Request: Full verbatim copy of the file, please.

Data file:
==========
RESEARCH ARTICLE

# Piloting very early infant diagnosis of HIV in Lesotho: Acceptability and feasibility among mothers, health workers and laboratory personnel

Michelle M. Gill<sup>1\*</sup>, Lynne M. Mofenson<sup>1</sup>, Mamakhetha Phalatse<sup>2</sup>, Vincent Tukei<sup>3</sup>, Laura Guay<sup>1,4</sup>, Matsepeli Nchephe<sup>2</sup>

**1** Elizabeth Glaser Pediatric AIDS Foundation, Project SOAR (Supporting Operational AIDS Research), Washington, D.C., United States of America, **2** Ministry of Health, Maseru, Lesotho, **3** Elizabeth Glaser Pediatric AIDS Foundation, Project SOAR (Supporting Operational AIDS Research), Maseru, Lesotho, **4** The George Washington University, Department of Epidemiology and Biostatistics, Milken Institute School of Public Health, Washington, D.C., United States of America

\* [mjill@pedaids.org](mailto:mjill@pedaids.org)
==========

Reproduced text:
RESEARCH ARTICLE

# Piloting very early infant diagnosis of HIV in Lesotho: Acceptability and feasibility among mothers, health workers and laboratory personnel

Michelle M. Gill<sup>1\*</sup>, Lynne M. Mofenson<sup>1</sup>, Mamakhetha Phalatse<sup>2</sup>, Vincent Tukei<sup>3</sup>, Laura Guay<sup>1,4</sup>, Matsepeli Nchephe<sup>2</sup>

**1** Elizabeth Glaser Pediatric AIDS Foundation, Project SOAR (Supporting Operational AIDS Research), Washington, D.C., United States of America, **2** Ministry of Health, Maseru, Lesotho, **3** Elizabeth Glaser Pediatric AIDS Foundation, Project SOAR (Supporting Operational AIDS Research), Maseru, Lesotho, **4** The George Washington University, Department of Epidemiology and Biostatistics, Milken Institute School of Public Health, Washington, D.C., United States of America

\* [mjill@pedaids.org](mailto:mjill@pedaids.org)